IMG_1590.JPG
John Wahl with TMHS students

YOU ARE CINEMATOGRAPHY TEAMS, CAPTURING INTERVIEWS FOR AN IMPORTANT DOCUMENTARY PROJECT.

I. GEAR ESSENTIALS – WHAT DO I NEED?
Camera
  • digital or analog; almost all are digital now
  • high-definition video
  • mountable on tripod
  • a mic input
Tripod
  • avoid tripods with ‘cookies’ (the little hook-up-to-camera piece – the cookie is removable and often gets left with camera, making tripod worthless)
  • if no tripod, keep camera arm’s elbow tight into side to steady the camera
Videotape that fits the camera
  • label it with name and project title
  • run about 30 seconds of footage that’s NOT important at the beginning of the tape
    • if a tape gets damaged, it’s usually the beginning of the recording.
    • for downloading into FinalCut Pro or other programs, you need ‘header’ footage that will not be usable in editing (so you don’t want the header to be crucial footage)
    • use the first 30 seconds to est WHITE BALANCE – put a piece of white paper in front of lens
    • GRAYSCALING – holding a grayscaled sheet to lens and checking that those gradations are visible on the video image
    • Also, test the audio mic input
Microphone
  • Camera’s on-board mic is poor
  • Avoid capturing surrounding background noises
  • Small hand-held mic; or a lapel mic
Three lights
  • To implement ‘three-point lighting system’
  • Light bulbs
  • Extension cords & power strips

What’s the Three-Point Lighting System?
  • A system that forms a triangle of light sources around the subject
  • Key Light – the primary light
  • Fill Light – illuminates the side of the subject opposite the side illuminated by the key light
  • Back Light – Illuminates from the rear in order to separate the main imagery from the background (when it’s on alone, you get ‘halo effect’)

John’s Gear Tips:
-Know your gear: what to use and how to use it
-Mark your gear so it doesn’t disappear

II. GETTING READY TO FILM
  • Scout the location
    • If the location is someone’s home, ask for a pre-production visit to investigate power sources, light sources, background, etc
  • Think about the COMPOSITION of your shots
    • Rule of Thirds
      • Divide the visual shot into 3rds horizontally
      • Line up natural horizontal images with those horizontal lines (ie the horizon)
      • Divide the shot into 3rds vertically
      • The four points around the center of the image are potential good focal points in your shot
    • The Four Design Principles
      • Contrast
      • Repetition
      • Alignment
      • Proximity
    • Framing an interview:
      • The eyes of your subject should align with the upper third line, and one eye should line up with a vertical line
      • Subject should be looking toward the empty space in the center of the grid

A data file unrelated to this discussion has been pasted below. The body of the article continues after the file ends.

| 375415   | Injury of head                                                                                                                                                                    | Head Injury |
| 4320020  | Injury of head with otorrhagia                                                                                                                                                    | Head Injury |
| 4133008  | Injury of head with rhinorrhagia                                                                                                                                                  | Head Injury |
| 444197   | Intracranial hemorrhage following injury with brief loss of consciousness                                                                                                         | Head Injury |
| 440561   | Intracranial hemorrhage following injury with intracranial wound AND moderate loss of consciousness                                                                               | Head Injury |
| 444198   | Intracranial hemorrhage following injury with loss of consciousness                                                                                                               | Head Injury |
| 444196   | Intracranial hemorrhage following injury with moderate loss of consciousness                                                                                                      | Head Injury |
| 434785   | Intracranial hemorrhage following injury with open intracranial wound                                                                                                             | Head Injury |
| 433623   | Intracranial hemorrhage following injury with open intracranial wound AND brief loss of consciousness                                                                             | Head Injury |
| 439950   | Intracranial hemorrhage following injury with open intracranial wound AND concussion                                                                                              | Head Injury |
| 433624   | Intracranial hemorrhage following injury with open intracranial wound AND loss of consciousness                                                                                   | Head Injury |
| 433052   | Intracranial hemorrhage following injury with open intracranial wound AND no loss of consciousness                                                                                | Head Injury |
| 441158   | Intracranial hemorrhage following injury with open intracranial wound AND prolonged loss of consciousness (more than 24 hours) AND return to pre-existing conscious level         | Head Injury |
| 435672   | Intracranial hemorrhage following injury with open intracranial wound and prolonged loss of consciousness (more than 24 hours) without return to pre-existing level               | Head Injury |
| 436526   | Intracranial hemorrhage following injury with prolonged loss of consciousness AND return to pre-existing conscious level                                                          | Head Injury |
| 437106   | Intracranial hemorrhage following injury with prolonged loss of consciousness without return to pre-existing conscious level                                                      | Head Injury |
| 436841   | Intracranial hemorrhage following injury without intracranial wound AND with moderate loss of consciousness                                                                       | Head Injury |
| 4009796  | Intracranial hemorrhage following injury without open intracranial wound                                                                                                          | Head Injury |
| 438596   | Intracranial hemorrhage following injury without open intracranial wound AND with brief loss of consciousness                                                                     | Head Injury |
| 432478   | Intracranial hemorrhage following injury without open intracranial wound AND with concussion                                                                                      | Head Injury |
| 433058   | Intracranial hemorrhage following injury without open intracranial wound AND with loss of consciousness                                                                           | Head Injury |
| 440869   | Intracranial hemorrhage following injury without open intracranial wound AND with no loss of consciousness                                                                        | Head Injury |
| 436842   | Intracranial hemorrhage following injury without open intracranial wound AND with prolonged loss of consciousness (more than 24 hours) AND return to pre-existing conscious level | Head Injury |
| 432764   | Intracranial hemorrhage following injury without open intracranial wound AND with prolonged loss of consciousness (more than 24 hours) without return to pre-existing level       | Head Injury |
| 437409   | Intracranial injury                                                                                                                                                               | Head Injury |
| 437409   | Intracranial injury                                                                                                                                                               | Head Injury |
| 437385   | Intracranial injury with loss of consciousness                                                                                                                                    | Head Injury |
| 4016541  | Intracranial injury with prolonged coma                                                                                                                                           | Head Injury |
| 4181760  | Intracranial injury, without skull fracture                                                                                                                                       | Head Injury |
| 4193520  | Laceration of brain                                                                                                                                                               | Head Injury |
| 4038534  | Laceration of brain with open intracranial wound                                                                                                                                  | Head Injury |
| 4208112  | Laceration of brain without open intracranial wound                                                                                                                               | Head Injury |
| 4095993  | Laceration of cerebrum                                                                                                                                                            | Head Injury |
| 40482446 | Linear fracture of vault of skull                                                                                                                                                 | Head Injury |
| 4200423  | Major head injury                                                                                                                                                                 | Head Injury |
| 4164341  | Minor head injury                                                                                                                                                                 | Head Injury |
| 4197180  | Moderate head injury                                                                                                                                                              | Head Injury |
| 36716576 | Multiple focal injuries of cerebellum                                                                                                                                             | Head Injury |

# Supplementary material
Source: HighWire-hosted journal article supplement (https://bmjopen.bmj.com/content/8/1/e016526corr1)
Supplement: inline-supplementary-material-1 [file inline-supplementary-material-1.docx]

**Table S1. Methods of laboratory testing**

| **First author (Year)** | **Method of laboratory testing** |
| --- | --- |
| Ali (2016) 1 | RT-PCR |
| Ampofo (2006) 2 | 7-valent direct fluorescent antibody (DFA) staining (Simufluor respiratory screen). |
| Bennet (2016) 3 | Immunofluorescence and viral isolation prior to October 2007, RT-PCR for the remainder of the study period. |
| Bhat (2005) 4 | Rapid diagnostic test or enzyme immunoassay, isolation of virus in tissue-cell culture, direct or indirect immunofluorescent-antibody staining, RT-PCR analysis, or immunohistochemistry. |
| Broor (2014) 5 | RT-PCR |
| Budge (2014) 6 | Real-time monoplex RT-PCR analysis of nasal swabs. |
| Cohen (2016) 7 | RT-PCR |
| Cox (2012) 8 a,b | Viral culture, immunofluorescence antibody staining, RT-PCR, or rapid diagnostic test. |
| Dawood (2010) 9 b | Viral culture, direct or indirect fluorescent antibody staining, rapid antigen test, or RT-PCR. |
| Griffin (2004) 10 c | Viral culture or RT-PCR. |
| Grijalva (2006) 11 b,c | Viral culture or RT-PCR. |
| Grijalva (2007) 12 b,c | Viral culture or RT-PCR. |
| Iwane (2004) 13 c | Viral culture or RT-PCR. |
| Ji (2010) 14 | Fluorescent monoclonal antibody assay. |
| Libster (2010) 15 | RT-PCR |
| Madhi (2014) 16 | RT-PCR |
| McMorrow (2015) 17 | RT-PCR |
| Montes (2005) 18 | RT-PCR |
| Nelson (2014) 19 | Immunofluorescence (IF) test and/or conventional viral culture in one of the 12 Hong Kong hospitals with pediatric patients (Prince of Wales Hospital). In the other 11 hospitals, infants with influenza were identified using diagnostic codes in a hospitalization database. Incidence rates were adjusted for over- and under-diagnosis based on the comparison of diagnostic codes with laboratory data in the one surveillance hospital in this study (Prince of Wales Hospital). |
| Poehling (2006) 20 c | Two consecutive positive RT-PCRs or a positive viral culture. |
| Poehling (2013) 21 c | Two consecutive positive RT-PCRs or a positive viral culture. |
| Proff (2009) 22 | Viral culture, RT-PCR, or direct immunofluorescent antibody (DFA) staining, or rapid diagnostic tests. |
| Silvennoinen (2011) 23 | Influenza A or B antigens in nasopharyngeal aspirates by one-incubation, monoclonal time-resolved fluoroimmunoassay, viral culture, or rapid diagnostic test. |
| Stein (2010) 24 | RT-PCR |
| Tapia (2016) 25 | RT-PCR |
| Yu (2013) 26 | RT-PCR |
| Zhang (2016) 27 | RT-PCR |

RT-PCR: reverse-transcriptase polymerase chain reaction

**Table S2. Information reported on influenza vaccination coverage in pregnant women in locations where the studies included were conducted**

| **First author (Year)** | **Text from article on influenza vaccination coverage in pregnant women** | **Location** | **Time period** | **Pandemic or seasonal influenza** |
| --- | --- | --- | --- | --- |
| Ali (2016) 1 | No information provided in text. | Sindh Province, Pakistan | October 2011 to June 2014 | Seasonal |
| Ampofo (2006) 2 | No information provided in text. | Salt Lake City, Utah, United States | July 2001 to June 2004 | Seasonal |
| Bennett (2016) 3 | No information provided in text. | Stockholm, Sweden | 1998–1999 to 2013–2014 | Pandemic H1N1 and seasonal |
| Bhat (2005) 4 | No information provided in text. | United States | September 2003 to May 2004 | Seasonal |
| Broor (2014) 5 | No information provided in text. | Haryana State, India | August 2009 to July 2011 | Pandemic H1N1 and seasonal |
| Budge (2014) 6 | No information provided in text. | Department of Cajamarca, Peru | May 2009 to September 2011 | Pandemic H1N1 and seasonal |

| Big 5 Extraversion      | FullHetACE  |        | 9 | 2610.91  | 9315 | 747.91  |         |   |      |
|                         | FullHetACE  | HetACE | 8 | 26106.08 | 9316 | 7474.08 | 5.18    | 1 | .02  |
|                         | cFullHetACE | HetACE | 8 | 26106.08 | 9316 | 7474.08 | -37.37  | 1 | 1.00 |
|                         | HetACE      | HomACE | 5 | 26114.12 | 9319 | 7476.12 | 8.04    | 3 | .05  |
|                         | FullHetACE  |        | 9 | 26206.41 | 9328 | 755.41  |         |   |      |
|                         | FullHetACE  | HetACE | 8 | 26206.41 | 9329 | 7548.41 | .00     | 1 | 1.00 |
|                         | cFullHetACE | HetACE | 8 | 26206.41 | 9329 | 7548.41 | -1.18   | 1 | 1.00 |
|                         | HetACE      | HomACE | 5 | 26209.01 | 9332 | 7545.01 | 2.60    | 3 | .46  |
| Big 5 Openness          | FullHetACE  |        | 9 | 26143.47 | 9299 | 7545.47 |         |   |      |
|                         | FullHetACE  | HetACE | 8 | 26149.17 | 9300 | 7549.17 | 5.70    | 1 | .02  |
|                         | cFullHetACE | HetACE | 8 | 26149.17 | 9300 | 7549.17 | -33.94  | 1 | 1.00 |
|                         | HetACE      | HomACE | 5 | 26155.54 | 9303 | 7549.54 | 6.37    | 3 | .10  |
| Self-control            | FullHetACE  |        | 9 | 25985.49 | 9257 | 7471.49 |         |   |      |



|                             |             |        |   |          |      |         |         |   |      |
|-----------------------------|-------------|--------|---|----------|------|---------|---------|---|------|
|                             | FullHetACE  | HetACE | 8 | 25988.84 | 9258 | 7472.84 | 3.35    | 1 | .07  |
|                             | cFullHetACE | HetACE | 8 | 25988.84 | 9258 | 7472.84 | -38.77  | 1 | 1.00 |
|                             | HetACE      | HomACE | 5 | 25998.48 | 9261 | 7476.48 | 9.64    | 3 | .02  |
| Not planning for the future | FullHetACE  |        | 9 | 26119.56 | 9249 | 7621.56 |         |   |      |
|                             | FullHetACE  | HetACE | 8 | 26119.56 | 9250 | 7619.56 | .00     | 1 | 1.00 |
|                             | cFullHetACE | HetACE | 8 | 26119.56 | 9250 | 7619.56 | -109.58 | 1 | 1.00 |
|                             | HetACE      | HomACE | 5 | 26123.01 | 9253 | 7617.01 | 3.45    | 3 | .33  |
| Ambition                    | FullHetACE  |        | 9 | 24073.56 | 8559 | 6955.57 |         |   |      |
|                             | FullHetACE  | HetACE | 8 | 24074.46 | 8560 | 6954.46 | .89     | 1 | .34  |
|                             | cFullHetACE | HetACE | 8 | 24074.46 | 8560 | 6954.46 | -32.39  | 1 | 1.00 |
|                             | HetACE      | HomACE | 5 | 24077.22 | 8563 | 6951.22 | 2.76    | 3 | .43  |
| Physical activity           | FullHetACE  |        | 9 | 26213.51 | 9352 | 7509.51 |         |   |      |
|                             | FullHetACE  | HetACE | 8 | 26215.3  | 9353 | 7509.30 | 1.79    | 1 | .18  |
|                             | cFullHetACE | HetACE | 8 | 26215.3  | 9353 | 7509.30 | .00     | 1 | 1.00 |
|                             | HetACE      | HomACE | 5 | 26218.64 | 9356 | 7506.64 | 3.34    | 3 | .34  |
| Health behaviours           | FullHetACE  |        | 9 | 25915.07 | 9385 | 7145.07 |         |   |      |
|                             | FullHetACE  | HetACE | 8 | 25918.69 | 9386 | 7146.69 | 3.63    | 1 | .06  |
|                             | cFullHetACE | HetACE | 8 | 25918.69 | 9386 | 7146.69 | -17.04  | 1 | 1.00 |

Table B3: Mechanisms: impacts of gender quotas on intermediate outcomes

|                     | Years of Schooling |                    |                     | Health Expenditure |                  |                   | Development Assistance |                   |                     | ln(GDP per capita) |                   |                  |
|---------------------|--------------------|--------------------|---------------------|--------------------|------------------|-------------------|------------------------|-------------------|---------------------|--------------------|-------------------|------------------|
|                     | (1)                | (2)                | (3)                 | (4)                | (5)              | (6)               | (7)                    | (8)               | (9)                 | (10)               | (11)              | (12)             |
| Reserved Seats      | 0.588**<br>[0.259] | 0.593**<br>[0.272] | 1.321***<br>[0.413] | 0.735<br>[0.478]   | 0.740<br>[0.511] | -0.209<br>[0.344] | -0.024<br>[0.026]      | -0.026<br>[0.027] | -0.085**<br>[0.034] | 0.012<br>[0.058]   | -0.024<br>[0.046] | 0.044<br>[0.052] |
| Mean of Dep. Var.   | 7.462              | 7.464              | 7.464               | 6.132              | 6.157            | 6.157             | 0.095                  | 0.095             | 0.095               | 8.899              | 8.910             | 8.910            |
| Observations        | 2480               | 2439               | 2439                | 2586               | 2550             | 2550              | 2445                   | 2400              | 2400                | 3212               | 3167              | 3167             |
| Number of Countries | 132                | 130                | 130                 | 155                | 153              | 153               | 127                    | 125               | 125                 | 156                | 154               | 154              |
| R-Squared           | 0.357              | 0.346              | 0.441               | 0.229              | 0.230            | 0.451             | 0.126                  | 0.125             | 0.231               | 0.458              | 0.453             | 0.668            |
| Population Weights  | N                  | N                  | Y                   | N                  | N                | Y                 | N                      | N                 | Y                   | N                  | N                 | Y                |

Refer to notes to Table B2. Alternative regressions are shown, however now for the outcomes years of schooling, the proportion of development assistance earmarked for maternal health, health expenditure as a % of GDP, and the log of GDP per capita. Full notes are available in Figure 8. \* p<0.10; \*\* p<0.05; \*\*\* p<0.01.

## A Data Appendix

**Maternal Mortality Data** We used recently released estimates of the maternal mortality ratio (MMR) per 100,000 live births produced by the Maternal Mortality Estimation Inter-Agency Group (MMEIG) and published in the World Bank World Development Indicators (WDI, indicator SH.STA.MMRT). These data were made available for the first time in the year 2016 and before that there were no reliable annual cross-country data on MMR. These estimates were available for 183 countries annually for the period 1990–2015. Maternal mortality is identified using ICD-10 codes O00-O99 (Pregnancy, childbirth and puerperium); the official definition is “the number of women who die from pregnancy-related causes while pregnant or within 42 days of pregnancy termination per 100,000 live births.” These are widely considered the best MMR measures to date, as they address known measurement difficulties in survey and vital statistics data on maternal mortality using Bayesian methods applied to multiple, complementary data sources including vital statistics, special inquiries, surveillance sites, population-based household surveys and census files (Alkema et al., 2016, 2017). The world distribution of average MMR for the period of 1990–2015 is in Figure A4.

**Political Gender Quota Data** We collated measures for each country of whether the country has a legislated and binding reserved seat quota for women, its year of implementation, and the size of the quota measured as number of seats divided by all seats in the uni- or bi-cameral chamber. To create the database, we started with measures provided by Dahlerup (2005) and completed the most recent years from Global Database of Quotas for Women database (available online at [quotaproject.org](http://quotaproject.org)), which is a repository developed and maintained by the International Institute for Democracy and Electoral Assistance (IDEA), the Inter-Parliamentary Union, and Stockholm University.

• Angles and types of shots
      • Consider using multiple cameras for interview work
      • Extreme wide shot – sets the whole scene where the interview takes place
      • Wide shot – can see the whole space of interview; subject’s whole body
      • Medium shot – waist up
      • Medium close up – head and shoulders
      • Close up – head only
      • Extreme close up – face fills the frame
      • Tilt up shot
      • Tilt down
      • Zooming in, zooming out
      • Bird’s eye view
      • Medium high shot – positioned slightly above the subject; suggests position of authority
      • Eye level shot
      • Medium low – positioned slightly low, suggests largeness/child’s perspective
      • Worm’s Eye view – shooting from very low (ie the ground); subject becomes huge

  • Check your GEAR SETTINGS:
    • Audio settings
      • they ‘default’ to the lowest audio setting (12-bit, 1 channel)
      • we need to switch the audio settings to 16-bit (the highest input)
      • if the cameras are recording at difft audio rates, then the computer editing program will have troubles
    • Check the aspect ratio – it should be at 16x9

III. TO CONSIDER FOR POST-FILMING…
  • Rule in film: ‘say dog, see dog’ – If the interviewer talks about something, the viewer will want to see that thing
  • After the interview, analyze what was discussed – then go capture footage of it, considering what type of shot you want
    • These are ‘cut-away shots’ or ‘B-roll’

IV. JANUARY TEAMS – 3 to 4 people each
1. Director of Cinematography
-white balance
-16-bit audio
-16x9 aspect ratio

-what shots do you want? John suggests—
-wide ‘2’ shot
-close up of face; what angle? – eye level, high, or low
-3rd camera = moving camera
Production Assistant (same as Lighting Director)
-marking tapes
-taking notes – name of interviewee, length of interview
-note which camera got which shots (shot 1 = closeup; shot 2 = wide angle; etc)

2. Lighting Director
-lights
-tripods
-save cookies for tripods after shoot
-check for power; organize cords and power strips

3. Audio Director
-setup mics
-test audio ahead of time; check tape to ensure that you’re capturing audio
-have a backup audio source in case of failure
-on headset during the shoot to monitor audio levels

WEB RESOURCE:
http://www.thewildclassroom.com/wildfilmschool/gettingstarted/ - a Student Filmmaking Page

IV. RYAN’S TIPS FOR PROTOCOL DURING INTERVIEWS (to be discussed in more detail in January)
-Prepare the gear and the shot set-up before the interviewee arrives, if possible
-Our goal is to MAKE THE INTERVIEWEE COMFORTABLE
-Be subtle about alerting Ryan / other leaders when you’ve begun recording. Shouting ‘rolling!’ or ‘action!’ will only make the interviewee feel nervous.
-Never correct the interviewee or ask him/her to move or adjust position for your shot—WE, the crew, must adjust for him/her.
-Be ‘Film Ninjas’—silent & invisible to the interviewee as you capture your excellent footage.